BY ED FELIEN
Please help us celebrate Mayday next spring, on Sunday, May 3, in Powderhorn Park.
Like everyone else, we were shocked and saddened by Heart of the Beast’s decision to cancel their participation and organizing of Mayday for next spring. Last January HOBT started telling the press that this might be their last Mayday. They raised much more in fundraisers and donations than the $50,000 they normally needed to make up the difference between expenses and income. On the scale they were producing the event, it cost $200,000 to get all the porta-potties and permits. The principal actors were paid something but certainly less than they were worth. The documentary film premiere fundraiser in March had raised $15,000. Sarah Bowman gave them $275,000 in her will. But it wasn’t enough. “It’s too large of a thing for HOBT as an organization to coordinate on our own for multiple reasons. We simply don’t have the infrastructure to put on an event of that size,” Corrie Zoll, the executive director told City Pages. “I would love to see a much more decentralized model.”
Bigger is not always better.
Let’s get back to the original meaning of Mayday.
Let’s do a free Mayday in Powderhorn Park.
Southside Pride will set up a soapbox and have music and speeches. We will not take out permits. We will not set up porta-potties or ask for police protection. We will not plug into electricity. The music will be acoustic. The speeches will not be amplified.
We hope other organizations will also set up soap boxes and have their own programs. There’s plenty of room in Powderhorn Park for everyone to express themselves.
The celebration of Mayday is a sacred ritual dating back thousands of years. The day is almost always just about midway between the spring equinox and the summer solstice. This year the equinox will be March 19 and the summer solstice will be June 20; the exact center would be May 4, but Sunday, May 3, is close enough.
The centerpiece of the celebration is the Maypole—people dancing around an erect pole holding strings and ribbons to show we are all connected to the tree of life. It has always meant a time of joy and pleasure as contrasted with that other pagan holiday halfway across the solar calendar, the date between the autumnal equinox and the winter solstice—Halloween, the Day of the Dead.
Mayday is a worker’s holiday. It is a day of joy, free of care. But it’s also a day of solemn reflection.
In 1886 there was a demonstration in favor of the eight-hour day at Haymarket Square in Chicago organized by socialists and anarchists. Police broke up the demonstration and killed one demonstrator and injured several others. The next day the demonstrators tried to meet again, and again the police tried to break up the demonstration. Someone rolled a bomb under a police van. The bomb blast and the ensuing gun battle claimed the lives of seven police and four demonstrators. Eight organizers of the demonstration were tried for the police killing, even though there was no evidence that any of them had thrown the bomb or fired on the police. They were found guilty and seven of the eight were sentenced to be hung. The eighth was sentenced to 15 years in prison. Four were hung. One committed suicide in jail. In 1893, the next governor criticized the trial and pardoned the remaining prisoners.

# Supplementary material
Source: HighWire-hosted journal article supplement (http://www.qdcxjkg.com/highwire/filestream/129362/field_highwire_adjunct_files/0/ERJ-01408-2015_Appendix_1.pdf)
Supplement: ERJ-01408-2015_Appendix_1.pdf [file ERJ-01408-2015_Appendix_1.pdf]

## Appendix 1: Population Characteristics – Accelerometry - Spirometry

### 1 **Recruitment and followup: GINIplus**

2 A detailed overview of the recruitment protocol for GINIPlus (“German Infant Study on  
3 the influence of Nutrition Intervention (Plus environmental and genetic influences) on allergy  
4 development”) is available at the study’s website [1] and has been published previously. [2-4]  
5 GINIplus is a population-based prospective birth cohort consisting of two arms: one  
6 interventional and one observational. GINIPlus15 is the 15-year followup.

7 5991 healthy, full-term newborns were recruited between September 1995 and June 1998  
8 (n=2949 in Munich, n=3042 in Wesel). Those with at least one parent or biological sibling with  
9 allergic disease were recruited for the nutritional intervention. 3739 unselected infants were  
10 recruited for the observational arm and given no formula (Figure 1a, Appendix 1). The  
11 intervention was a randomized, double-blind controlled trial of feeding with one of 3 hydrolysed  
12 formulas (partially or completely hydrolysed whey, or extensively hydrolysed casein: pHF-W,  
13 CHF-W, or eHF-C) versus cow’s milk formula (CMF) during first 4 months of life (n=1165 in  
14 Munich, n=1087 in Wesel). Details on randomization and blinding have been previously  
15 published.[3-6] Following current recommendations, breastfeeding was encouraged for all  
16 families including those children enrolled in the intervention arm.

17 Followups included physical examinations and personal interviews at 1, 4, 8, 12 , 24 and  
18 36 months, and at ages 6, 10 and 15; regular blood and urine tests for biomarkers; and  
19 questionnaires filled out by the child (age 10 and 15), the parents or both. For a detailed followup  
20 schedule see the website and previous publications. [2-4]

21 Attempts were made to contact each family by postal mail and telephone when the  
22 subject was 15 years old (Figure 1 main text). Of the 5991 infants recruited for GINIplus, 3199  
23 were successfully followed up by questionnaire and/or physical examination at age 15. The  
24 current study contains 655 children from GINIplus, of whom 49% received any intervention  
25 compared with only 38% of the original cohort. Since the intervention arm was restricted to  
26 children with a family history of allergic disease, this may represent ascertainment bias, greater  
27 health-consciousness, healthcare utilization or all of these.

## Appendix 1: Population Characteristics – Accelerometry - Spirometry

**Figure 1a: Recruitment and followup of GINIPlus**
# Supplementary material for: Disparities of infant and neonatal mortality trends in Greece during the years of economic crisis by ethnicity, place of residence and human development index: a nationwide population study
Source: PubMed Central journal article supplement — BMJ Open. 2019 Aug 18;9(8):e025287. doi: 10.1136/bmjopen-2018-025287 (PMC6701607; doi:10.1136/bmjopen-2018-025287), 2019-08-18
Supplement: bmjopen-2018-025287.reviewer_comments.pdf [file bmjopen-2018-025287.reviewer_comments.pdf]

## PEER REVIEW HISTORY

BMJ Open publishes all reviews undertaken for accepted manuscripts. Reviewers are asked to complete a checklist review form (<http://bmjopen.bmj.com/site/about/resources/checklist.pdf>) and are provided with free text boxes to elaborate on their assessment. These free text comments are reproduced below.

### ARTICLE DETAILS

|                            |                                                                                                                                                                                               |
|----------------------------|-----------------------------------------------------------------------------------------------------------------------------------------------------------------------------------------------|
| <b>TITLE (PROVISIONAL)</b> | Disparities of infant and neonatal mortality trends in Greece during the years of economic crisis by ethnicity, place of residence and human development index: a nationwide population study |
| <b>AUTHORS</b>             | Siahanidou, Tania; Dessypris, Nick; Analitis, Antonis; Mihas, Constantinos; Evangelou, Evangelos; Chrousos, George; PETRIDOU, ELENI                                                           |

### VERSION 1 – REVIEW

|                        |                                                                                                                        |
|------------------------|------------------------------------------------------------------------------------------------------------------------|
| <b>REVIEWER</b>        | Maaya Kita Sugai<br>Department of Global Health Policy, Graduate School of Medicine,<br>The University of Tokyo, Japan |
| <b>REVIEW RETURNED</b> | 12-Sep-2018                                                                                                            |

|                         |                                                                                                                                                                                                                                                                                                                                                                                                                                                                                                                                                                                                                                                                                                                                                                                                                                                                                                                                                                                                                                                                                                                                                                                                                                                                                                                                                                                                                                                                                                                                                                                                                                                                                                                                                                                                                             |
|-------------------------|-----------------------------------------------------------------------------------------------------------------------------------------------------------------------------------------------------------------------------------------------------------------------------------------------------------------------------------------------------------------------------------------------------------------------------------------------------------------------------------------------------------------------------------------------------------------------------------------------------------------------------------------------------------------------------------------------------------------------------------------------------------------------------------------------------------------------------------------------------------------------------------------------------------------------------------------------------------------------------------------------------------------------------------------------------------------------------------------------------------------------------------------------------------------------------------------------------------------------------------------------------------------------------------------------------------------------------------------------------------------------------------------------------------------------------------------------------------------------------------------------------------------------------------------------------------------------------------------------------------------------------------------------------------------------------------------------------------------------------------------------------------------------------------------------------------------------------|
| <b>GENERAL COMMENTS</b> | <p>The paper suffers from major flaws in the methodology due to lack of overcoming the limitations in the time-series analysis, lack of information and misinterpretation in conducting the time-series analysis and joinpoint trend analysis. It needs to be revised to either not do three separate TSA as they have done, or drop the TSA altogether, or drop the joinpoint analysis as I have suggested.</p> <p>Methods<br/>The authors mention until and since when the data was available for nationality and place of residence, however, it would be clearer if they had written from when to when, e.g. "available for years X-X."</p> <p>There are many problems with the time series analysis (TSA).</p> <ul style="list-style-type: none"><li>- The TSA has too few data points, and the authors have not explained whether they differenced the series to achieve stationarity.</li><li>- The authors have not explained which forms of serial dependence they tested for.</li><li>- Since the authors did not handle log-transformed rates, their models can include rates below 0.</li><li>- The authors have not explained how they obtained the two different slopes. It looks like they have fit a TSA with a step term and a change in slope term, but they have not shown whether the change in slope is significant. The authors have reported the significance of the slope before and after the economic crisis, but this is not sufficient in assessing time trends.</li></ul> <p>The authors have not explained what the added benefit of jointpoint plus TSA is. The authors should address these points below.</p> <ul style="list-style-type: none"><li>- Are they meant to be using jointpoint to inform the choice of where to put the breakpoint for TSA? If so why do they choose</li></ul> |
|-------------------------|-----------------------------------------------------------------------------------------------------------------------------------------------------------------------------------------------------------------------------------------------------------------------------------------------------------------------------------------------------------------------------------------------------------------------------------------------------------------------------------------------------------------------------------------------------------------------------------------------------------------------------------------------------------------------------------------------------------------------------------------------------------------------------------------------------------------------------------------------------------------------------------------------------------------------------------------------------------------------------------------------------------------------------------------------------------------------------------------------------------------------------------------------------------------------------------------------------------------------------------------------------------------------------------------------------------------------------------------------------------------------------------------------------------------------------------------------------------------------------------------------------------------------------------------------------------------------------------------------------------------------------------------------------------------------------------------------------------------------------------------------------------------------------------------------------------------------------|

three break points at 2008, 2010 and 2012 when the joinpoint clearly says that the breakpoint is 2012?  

The Haymarket Affair became an international event to commemorate the struggles of labor. It radicalized a generation and energized a union movement. They won the eight-hour work day, and they won respect for the dignity of labor. In 1894, May 1st was recognized as a federal holiday honoring labor. Eisenhower changed Labor Day from May 1st to the first Monday in September, and declared May 1st to be Loyalty Day or Law Day, in a not-so-subtle rebuke of its radical origins. Today, most countries in the world still celebrate the first of May as a worker’s holiday and they honor the Haymarket martyrs.
We will be celebrating the ancient ritual of joy with music and the political ritual with speeches from local politicians and organizations.If you want to participate as a musician please send CDs or links to your music to firstname.lastname@example.org and tell us what time you want to do your 30-minute set. We will be on the soapbox from noon to 6 p.m. And if you want to rant about politics or religion or your book club or whatever, email me your name, affiliation and what 5-minute (or less) time slot works for you.
Winter is coming, but on the other side of that is the awakening of spring and hope.
On Sunday, May 3, in Powderhorn Park, we will gather to celebrate.
Please join us.